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Rental crisis worsens and no end in sight

·2-min read
For lease and leased sign outside a residential building for rent.
Rental vacancy rates have dropped to 16-year lows. (Source: Getty)

Australia is in the middle of a rental crisis and there is no relief in sight for tenants.

The news is full of stories of spiralling rents forcing families into secondary accommodation or even towards social housing where the waiting lists are even worse than private rentals.

Also by Michael Yardney:

Vacancy rates are dropping to their lowest point nationally since April 2006, pushing rents up for both houses and units in our capital cities.

Andrew Wilson from My Housing Market said capital city house rental prices rose 15.6 per cent in the past 12 months.

A table showing median asking rents in capital cities.
(Source: supplied)

What’s causing the crisis?

It’s really just an issue of supply and demand.

There are simply a lot fewer properties on the market for rent, at a time when a lot more people are looking for rental accommodation.

Many investors sold up over the past few years and most buyers were owner-occupiers.

At the same time, other investors are taking their properties out of the long-term rental pool and moving them into short-term accommodation through platforms like Airbnb.

And the problem is only likely to be exacerbated as international and domestic borders reopen.

Further compounding the problem is the fact that household sizes have been shrinking because more tenants who previously shared accommodation are now working flexible hours from home and have started looking for their own accommodation, realising they can’t easily work with many other people around them.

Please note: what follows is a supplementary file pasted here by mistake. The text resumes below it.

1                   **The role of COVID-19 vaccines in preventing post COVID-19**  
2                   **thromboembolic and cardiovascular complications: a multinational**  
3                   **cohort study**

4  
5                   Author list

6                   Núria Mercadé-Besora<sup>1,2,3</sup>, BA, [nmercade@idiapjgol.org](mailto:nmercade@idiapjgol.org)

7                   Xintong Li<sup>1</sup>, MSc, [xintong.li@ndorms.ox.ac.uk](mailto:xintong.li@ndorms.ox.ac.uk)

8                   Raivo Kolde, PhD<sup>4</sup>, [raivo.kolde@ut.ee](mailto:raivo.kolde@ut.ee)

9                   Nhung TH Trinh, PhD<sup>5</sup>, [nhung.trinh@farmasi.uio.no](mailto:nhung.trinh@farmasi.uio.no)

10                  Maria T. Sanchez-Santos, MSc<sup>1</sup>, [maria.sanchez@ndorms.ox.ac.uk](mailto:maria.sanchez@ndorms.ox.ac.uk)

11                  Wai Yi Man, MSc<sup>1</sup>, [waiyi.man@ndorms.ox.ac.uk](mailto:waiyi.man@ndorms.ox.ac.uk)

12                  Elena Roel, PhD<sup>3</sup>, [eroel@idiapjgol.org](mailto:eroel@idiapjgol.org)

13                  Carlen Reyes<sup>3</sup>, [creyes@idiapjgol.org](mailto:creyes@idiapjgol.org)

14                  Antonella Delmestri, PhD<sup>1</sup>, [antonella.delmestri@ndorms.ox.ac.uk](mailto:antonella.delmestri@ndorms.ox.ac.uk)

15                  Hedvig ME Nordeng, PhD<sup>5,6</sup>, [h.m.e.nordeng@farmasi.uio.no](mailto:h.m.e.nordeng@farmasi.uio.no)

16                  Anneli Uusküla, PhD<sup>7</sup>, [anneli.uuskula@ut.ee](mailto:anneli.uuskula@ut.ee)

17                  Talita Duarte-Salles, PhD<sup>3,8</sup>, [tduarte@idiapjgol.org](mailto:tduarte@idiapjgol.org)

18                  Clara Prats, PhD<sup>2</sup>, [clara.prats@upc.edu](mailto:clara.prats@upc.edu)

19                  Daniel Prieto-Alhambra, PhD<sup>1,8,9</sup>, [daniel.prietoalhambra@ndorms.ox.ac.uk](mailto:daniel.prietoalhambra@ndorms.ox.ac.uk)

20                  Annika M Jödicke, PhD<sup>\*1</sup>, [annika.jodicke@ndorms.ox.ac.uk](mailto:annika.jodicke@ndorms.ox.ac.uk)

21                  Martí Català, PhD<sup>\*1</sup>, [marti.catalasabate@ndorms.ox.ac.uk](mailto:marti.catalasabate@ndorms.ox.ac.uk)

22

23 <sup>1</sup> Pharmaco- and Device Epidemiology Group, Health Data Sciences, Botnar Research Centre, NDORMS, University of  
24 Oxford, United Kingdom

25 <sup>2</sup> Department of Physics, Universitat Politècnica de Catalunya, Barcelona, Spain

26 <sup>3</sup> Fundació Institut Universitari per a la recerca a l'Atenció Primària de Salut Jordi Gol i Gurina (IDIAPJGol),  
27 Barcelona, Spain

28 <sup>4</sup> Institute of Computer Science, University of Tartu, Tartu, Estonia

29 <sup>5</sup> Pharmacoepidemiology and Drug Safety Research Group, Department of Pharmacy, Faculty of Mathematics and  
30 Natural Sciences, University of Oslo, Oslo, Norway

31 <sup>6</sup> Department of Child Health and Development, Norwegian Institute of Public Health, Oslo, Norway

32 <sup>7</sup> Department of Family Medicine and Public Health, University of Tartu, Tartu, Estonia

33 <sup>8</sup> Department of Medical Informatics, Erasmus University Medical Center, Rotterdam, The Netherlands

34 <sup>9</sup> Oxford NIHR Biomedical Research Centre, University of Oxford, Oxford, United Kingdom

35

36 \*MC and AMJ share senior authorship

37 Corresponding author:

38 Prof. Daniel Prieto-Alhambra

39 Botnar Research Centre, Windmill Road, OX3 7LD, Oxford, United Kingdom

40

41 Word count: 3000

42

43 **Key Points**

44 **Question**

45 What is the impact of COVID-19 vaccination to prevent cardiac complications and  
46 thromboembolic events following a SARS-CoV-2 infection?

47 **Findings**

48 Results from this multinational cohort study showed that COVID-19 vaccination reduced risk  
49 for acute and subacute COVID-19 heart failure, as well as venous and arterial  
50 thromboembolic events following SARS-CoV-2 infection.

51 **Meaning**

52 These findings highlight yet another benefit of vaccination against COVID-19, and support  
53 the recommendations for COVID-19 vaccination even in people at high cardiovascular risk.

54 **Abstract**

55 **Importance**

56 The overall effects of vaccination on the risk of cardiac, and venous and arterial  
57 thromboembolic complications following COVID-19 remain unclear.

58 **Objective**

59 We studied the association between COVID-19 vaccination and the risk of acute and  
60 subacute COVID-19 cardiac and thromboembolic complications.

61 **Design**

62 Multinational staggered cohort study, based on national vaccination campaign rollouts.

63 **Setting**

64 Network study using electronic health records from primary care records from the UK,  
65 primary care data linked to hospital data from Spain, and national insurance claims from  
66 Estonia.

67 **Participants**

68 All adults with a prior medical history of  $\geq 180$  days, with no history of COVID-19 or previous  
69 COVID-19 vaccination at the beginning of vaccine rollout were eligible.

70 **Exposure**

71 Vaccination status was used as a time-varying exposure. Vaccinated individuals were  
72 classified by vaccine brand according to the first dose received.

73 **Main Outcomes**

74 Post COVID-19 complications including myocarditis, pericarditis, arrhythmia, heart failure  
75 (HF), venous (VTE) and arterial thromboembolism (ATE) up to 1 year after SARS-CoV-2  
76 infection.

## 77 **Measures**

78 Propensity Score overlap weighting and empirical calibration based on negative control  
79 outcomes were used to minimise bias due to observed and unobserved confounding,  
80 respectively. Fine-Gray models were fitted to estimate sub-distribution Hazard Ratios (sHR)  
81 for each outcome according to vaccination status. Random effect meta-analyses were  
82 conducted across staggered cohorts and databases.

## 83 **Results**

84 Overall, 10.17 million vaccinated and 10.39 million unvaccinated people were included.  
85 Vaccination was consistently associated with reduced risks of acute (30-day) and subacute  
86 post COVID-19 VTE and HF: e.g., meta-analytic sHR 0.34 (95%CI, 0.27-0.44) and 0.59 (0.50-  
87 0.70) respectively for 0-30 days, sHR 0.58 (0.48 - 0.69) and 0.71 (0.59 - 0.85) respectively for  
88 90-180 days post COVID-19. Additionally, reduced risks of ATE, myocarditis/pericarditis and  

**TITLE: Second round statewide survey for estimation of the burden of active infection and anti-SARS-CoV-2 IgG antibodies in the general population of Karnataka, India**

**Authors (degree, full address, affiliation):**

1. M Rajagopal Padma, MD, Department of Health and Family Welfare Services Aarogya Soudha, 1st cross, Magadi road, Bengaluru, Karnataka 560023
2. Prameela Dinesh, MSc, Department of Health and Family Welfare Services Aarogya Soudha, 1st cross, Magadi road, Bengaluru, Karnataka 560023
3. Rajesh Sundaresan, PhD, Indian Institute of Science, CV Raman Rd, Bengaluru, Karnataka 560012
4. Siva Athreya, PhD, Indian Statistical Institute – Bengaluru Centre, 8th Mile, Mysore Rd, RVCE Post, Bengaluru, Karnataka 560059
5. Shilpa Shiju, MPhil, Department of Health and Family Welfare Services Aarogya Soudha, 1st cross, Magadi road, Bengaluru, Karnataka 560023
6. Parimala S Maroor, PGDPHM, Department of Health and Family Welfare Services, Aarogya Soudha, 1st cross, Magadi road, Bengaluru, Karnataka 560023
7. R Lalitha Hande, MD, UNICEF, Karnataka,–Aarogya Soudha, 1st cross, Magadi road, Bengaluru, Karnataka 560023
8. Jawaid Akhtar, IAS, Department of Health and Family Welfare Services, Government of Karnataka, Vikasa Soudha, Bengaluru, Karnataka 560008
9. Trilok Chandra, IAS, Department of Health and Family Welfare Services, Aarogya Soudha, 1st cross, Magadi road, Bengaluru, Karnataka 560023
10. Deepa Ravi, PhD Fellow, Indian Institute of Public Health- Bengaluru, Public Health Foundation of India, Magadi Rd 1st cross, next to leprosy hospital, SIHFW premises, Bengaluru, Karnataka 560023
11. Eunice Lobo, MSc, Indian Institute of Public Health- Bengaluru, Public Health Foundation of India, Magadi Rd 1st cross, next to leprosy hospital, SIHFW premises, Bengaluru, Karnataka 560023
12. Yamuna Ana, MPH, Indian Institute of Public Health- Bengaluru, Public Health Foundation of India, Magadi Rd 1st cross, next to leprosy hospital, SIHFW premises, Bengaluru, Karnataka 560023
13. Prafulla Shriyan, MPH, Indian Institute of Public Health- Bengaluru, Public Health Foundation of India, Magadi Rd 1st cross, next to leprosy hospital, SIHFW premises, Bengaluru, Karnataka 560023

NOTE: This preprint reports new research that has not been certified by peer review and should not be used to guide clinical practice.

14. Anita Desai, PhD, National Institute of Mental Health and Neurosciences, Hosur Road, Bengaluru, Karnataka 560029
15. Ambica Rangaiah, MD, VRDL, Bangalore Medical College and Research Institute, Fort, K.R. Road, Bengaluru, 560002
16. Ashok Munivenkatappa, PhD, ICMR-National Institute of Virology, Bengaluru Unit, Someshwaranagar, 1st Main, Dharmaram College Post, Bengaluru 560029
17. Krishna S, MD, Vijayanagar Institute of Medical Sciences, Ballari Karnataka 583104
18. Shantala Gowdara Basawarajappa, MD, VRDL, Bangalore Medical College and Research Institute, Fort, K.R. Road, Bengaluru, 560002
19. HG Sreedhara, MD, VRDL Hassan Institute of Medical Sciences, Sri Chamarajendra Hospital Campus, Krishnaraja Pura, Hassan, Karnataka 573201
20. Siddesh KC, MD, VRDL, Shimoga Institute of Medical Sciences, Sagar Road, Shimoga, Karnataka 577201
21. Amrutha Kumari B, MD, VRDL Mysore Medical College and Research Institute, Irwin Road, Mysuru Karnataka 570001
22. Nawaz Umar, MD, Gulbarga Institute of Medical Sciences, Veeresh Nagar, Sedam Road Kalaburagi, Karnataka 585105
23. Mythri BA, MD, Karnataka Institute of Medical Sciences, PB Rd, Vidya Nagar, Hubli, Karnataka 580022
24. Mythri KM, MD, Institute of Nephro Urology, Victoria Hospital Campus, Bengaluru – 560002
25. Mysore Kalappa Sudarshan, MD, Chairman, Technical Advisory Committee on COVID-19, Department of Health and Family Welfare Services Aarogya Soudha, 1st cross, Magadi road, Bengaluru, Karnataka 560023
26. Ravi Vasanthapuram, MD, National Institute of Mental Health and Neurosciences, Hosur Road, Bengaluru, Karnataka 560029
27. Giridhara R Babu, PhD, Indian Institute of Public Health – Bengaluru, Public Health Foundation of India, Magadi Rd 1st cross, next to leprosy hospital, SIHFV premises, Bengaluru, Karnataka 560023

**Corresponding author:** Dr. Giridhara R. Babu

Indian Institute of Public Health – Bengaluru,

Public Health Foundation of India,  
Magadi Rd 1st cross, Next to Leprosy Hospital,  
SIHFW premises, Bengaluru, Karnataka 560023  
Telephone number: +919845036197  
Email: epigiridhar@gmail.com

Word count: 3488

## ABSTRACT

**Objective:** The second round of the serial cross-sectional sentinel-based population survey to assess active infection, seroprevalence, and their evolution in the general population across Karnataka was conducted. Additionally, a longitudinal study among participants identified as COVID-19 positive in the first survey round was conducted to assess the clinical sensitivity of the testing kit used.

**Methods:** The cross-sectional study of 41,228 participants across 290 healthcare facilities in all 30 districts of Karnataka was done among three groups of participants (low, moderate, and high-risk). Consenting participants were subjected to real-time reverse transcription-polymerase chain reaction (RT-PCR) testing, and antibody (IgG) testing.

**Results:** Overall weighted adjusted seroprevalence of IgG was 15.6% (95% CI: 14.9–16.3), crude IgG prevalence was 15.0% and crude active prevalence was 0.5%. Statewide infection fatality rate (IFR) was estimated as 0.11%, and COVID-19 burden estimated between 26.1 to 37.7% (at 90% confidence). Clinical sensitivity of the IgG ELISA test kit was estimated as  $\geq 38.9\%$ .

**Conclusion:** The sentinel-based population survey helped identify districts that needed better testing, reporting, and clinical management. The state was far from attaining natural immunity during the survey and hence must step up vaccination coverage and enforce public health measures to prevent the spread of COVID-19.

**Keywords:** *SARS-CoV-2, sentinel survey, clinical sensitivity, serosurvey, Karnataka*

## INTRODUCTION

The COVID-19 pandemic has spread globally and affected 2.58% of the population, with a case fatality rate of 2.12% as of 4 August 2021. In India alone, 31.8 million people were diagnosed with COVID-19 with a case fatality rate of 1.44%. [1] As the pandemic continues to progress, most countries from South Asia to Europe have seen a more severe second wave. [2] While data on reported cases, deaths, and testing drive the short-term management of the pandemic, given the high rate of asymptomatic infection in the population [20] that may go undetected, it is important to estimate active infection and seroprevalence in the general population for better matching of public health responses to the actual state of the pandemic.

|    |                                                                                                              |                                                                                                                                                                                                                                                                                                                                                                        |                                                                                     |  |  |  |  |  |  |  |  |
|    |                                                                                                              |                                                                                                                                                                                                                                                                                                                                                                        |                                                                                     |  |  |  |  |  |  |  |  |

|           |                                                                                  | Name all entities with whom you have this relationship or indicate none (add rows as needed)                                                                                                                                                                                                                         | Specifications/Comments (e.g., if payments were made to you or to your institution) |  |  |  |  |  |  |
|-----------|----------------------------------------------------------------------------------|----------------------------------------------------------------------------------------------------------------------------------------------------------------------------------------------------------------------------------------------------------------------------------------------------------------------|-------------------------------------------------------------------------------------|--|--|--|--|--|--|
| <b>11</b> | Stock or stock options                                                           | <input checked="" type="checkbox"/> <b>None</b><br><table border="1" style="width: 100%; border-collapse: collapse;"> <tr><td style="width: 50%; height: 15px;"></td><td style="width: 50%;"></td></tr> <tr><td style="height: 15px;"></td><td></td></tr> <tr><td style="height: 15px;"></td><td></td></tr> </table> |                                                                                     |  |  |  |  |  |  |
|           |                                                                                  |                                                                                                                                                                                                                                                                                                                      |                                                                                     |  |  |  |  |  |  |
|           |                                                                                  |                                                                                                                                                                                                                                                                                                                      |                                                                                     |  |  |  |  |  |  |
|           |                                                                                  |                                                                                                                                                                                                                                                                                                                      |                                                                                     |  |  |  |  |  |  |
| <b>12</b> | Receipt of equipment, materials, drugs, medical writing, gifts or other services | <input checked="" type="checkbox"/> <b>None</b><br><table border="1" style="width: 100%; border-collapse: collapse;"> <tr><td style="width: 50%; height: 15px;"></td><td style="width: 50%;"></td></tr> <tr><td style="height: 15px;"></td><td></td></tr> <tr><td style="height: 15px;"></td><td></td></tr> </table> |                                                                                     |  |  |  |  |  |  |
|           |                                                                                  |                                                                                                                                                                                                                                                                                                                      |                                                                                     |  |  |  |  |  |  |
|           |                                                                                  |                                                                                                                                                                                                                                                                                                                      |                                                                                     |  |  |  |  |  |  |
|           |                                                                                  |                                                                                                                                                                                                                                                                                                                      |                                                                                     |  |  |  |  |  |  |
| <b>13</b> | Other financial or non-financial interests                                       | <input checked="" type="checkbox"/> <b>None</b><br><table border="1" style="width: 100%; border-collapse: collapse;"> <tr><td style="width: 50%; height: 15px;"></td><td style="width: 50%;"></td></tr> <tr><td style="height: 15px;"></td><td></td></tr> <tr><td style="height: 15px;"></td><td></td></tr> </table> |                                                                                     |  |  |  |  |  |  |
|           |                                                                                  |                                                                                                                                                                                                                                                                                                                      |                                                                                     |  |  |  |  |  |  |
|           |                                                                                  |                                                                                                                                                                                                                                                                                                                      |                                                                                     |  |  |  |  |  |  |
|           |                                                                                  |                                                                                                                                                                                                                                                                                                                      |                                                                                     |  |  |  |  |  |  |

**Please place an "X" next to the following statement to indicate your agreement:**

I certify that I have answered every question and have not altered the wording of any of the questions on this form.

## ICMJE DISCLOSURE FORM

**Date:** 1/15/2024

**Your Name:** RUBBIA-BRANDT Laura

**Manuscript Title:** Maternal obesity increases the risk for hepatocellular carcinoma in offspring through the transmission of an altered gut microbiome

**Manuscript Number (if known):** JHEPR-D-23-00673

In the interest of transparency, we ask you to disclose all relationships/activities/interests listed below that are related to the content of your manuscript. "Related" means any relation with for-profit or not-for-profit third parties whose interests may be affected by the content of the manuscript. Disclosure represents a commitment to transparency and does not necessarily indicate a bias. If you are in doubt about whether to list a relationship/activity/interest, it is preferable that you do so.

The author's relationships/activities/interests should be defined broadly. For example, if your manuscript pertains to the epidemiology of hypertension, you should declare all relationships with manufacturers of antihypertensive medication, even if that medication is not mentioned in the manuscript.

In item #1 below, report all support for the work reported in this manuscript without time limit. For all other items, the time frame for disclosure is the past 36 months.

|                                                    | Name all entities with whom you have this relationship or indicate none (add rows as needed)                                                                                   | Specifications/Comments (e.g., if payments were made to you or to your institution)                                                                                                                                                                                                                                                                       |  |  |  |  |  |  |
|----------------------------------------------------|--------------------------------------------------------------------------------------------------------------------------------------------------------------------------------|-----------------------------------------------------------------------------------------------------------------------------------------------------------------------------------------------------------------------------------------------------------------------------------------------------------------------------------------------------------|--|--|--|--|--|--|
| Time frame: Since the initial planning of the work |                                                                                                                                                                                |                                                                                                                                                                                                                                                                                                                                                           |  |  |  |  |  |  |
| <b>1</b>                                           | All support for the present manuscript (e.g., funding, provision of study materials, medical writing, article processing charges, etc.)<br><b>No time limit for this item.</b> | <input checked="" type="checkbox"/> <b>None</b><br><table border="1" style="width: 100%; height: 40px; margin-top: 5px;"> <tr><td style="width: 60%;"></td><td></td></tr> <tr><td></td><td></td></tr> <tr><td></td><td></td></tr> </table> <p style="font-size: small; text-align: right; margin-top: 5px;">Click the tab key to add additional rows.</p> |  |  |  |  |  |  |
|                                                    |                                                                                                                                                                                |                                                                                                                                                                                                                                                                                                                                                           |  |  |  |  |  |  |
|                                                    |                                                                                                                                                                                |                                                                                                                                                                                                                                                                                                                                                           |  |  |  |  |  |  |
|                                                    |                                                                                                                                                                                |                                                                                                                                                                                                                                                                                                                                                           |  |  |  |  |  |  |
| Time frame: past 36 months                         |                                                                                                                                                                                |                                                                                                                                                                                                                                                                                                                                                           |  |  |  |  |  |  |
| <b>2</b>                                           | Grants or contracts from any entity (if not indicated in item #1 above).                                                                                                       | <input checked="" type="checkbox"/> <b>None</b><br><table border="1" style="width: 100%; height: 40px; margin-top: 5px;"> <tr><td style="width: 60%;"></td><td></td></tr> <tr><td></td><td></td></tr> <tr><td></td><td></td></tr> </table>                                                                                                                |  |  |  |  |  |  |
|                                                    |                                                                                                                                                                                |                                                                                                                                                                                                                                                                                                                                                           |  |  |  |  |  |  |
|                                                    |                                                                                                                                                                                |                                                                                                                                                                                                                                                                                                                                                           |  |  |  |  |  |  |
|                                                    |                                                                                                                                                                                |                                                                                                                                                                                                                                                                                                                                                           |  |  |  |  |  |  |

And it’s not just houses

Capital city unit rents also recorded strong gains – up 17.4 per cent over the past year.

Sydney unit rents were the top performers, up 22.2 per cent, followed by Hobart (17.7 per cent) and Melbourne (13.5 per cent).

A table showing median asking rents in capital cities.
(Source: supplied)

No end in sight

It’s unlikely there is any significant relief on the way, in fact things will only get worse before they get better.

The current strong demand for rental accommodation will continue to grow, with the reopening of borders and the return of high levels of migration and surging numbers of international students.

While investors are slowly coming back into the market, they're not returning in large enough numbers to significantly increase the supply of rental stock.

And we’re not building enough new apartments.

Currently, an increasing number of “shovel-ready” housing projects are being abandoned in response to soaring construction costs, jumping interest rates, uncertain end values and a pullback in development finance.

So, while the outlook is bleak for renters, property investors will enjoy higher rentals moving forward, which should in part offset the higher mortgage costs they will endure.

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